“Our ancestors knew that healing comes in cycles and circles. One generation carries the pain so that the next can live and heal. One cannot live without the other, each is the other’s hope, meaning and strength.”

Gemma N Benton

Childhood adversity refers to a wide range of circumstances and events that pose a serious threat to children’s physical and emotional well-being. These potentially traumatic experiences can permanently scar children’s sense of self, and may cause them to see the world as unsafe and threatening. This can lead to distrust and even hatred for everything and everyone and may turn into unfounded feelings of shame and guilt that may continue into adulthood. This was the case with Donovan whom I met several years ago. At the time, I did not understand the depths of his pain. I wish I knew then what I know now.

When I greeted Donavan, I was unsure of how this dishevelled person would respond to me. I was told to be on guard as he had tendencies to show rage and violence, but no one mentioned that his rage stemmed from hidden wounds of past traumas he had suffered – traumas that pierced the very core of his soul. As a boy, he did not possess the language needed to communicate his experiences, and even if he did, no one would have listened to him. So, this young man suffered in silence, bereft of the means to convey his pain. The intensely painful and overwhelming feelings associated with being neglected as a child can take tremendous energy to manage. For Donovan, it meant a daily battle to control his emotional dysregulation. This daily struggle kept Donovan on a long, lonely trek down a dark path, far away from the path that would have helped him to heal.

The traumas that Donovan endured are not the same as those that many other children endure. But no matter the challenge, no trauma should be permanently ignored. Every new encounter or event is impacted in some way by your childhood trauma, even though you may not be aware of it. Many people organise the patterns of their lives so that they shield themselves from further pain as if the trauma were still happening in real-time. The long shadow of trauma holds survivors hostage until it can no longer be silenced. No matter our level of success in life, if we do not face our trauma, we will continue to labour under the burden of our past.

Donavan lived with deep anger and rage. He said that his “childhood was full of physical and mental abuse. The fights between my parents were frightening. But that was my normal. It was only during the times when my dad was sent to jail that all the chaos was silenced. That was when I felt the first sense of relief, even if only for a brief moment. I slept better at night during those times. For me, there was no safe space in the world, especially not my home.” What Donovan didn’t know was that his parents had grown up in similar circumstances and had unresolved anger and fear that made their lives a constant challenge.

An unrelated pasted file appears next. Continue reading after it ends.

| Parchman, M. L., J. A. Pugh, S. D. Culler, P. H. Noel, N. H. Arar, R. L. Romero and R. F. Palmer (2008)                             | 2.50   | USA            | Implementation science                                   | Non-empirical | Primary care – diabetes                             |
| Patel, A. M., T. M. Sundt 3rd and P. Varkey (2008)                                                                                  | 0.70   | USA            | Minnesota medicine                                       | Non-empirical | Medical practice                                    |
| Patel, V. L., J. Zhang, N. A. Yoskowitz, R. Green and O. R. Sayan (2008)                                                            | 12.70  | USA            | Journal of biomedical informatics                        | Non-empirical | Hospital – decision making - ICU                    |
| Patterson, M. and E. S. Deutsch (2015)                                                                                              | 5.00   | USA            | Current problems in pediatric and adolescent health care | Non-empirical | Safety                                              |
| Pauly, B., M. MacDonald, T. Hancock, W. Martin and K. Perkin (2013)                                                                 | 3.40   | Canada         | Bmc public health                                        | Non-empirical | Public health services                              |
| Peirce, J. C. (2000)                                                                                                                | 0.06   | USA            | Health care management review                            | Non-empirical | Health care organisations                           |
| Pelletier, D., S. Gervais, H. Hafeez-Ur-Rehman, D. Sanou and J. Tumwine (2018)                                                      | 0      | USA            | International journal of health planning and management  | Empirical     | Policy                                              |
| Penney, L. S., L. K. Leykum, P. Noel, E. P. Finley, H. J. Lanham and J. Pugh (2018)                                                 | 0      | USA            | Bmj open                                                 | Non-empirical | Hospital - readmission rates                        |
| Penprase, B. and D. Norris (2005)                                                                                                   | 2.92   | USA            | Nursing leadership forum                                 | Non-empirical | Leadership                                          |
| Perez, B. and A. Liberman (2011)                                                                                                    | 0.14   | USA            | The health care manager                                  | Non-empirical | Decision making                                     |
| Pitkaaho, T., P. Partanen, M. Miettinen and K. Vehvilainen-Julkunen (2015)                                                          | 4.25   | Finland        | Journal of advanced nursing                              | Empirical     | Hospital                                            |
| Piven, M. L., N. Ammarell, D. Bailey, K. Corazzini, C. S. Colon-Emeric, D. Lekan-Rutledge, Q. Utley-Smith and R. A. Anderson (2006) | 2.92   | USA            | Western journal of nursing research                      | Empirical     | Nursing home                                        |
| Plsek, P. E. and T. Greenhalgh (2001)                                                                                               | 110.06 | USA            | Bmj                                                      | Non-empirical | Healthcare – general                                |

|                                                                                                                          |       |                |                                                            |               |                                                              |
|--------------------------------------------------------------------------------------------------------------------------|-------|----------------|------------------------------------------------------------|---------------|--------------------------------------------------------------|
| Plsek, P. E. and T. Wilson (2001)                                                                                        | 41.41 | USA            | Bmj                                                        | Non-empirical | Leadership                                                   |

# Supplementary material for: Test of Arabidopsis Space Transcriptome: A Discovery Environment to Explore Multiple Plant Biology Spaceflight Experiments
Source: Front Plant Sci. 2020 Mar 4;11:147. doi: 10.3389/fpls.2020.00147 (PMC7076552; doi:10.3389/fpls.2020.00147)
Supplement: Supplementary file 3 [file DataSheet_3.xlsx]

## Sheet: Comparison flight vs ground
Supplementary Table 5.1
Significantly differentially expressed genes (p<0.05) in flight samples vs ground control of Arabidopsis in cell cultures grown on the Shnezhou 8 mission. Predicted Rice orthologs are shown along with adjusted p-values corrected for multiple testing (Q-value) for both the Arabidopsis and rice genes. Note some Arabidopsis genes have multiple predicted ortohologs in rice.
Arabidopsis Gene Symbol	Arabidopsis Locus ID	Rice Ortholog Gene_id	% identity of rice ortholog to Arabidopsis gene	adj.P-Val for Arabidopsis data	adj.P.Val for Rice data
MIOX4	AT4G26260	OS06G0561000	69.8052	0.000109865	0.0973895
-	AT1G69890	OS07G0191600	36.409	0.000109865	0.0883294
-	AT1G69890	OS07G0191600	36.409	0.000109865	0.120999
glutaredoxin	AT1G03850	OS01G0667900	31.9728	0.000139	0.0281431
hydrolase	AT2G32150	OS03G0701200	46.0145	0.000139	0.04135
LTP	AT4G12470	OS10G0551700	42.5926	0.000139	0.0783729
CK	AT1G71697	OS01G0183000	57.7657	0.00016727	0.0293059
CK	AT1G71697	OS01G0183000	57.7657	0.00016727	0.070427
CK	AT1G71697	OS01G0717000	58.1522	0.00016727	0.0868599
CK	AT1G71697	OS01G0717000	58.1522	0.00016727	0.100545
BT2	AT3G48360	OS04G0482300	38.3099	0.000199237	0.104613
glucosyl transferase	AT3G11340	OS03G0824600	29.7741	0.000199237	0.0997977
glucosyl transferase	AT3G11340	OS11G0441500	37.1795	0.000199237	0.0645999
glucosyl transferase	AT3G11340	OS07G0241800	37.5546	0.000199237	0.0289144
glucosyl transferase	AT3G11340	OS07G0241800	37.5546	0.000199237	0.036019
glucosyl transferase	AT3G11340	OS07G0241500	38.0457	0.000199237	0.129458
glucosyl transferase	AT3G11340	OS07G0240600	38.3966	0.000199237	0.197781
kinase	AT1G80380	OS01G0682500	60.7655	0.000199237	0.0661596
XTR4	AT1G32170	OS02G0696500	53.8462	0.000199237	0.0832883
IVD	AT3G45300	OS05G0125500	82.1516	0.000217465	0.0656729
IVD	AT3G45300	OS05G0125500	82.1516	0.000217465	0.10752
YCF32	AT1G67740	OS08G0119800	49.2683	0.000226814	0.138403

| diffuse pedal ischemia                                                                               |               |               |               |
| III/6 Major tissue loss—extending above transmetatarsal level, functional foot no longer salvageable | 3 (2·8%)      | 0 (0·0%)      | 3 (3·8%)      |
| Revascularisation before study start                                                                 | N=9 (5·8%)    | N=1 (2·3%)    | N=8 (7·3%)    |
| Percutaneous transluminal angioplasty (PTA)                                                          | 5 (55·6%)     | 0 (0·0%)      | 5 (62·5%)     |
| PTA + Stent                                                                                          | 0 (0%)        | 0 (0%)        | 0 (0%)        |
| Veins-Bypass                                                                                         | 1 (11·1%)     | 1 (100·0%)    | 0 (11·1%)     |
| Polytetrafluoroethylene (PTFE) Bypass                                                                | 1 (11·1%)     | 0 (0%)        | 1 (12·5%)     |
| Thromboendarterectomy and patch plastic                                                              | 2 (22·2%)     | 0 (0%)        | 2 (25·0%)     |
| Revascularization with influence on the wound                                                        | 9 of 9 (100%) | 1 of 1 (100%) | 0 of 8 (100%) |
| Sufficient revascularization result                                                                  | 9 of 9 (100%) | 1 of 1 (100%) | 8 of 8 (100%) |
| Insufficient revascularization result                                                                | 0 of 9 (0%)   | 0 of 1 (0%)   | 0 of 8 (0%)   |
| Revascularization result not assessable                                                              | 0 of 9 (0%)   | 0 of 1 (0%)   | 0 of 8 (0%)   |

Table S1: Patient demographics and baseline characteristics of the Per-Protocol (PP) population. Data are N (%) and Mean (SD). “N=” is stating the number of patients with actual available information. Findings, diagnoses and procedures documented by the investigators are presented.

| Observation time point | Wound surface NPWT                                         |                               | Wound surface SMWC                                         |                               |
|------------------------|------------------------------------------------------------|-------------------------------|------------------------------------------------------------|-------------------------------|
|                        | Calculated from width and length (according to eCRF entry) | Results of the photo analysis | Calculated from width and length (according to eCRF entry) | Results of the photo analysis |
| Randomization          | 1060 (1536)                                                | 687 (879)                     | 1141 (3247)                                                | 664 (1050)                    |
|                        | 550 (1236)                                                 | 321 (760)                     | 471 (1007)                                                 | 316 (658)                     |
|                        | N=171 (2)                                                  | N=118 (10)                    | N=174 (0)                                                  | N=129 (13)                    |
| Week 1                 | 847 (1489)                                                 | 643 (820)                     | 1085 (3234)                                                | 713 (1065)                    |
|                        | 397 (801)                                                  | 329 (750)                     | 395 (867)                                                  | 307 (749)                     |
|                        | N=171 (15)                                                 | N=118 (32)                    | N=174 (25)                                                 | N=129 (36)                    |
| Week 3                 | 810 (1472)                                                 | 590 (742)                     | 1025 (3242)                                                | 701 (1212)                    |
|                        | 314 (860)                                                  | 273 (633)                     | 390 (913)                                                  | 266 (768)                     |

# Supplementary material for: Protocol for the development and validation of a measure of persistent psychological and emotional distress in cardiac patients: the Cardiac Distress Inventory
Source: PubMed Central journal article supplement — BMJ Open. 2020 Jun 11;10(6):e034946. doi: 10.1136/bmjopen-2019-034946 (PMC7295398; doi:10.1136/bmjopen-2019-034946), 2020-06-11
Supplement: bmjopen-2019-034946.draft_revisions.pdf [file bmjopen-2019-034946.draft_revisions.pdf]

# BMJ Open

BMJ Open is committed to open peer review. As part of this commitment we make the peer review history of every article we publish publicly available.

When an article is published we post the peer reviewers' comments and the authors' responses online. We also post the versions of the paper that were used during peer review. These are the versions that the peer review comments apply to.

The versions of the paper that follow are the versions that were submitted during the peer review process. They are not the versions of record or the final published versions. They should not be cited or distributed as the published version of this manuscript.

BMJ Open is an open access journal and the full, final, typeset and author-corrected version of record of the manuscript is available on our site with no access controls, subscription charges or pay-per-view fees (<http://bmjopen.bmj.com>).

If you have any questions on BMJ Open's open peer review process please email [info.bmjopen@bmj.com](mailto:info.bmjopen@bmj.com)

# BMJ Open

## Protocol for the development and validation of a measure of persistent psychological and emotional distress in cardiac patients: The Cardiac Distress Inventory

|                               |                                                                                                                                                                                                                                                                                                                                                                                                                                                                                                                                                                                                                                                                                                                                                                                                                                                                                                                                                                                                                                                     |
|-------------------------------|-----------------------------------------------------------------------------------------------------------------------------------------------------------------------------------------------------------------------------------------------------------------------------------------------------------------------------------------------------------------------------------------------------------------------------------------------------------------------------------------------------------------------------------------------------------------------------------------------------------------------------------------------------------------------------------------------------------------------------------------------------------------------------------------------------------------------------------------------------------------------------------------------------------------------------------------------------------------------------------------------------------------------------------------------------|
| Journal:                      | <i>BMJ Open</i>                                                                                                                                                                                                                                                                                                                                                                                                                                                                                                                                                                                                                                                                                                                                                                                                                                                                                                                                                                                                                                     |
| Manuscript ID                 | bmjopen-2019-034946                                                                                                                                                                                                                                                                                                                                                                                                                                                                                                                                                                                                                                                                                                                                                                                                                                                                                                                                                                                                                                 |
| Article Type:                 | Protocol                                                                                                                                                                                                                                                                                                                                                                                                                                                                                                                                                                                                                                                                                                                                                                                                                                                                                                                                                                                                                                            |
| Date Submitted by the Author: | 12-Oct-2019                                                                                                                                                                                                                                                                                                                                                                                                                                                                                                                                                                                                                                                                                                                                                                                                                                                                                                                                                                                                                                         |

For many children, school becomes their refuge – but for Donavan, it was just another place to fear. Donavan didn’t feel supported by his teachers because they didn’t understand him or know anything about what happened at home. “They all just saw me as a problem and could not help me to learn – and at the same time they blamed me for getting poor grades. People viewed me as being unintelligent, emotionally and behaviourally disruptive, and incapable of self-discipline. I was told that I could not make mature and intelligent decisions. ‘You need help’ they would say but they never told me where or how to find this help. The only thing I knew was that no one helped me – not my parents, not my teachers, and not my community. I hated all of them.”

Everyday oppression is most frequently experienced by groups and individuals who have marginalised social identities, and is manifested in subtle and blatant ways. It can take the form of curriculum violence, under-representation by race, and inappropriate policing practices. The aggression directed toward marginalised groups and individuals sends the message that they are insignificant and vile.   

The message I was given was that Donavan was dangerous and would harm me. I was told to restrict my interaction with him. However, if I had avoided Donavan, I would have deprived myself of a rich friendship, essential personal growth, and the opportunity for me to find ways to join with him on his level so that I could help him gain a sense of humanity and connectedness.

Like Donavan, many young men are thirsty for trusting relationships because of abuse, oppression, and cultural wounding. Many of us carry these burdens within our families and our bodies. When we reconcile with those who have experienced violence and oppression, we can repair our psyches and family histories and begin to mend the rift in the larger spirit of humanity.

Stephanie Guthman holds MA degrees in School and Clinical psychology, and Educational Psychology, and a PhD in Human and Organisational Systems. She also holds certification in Parent-Infant Mental Health and is a Cornell University Professionally Certified Trainer in Therapeutic Crisis Intervention. Guthman helped to develop and then co-led Bermuda’s first island-wide research project on ACEs. In addition, she has co-led the creation, planning, and execution of multiple conferences on ACEs and Race. Stephanie serves on The Friends of the Family Centre Board and is an advocate in the Caribbean’s Positive and Adverse Childhood Experiences (PACEs) movement. She is dedicated to sharing tools and skills that are needed to enable healing and resilience in survivors of ACEs.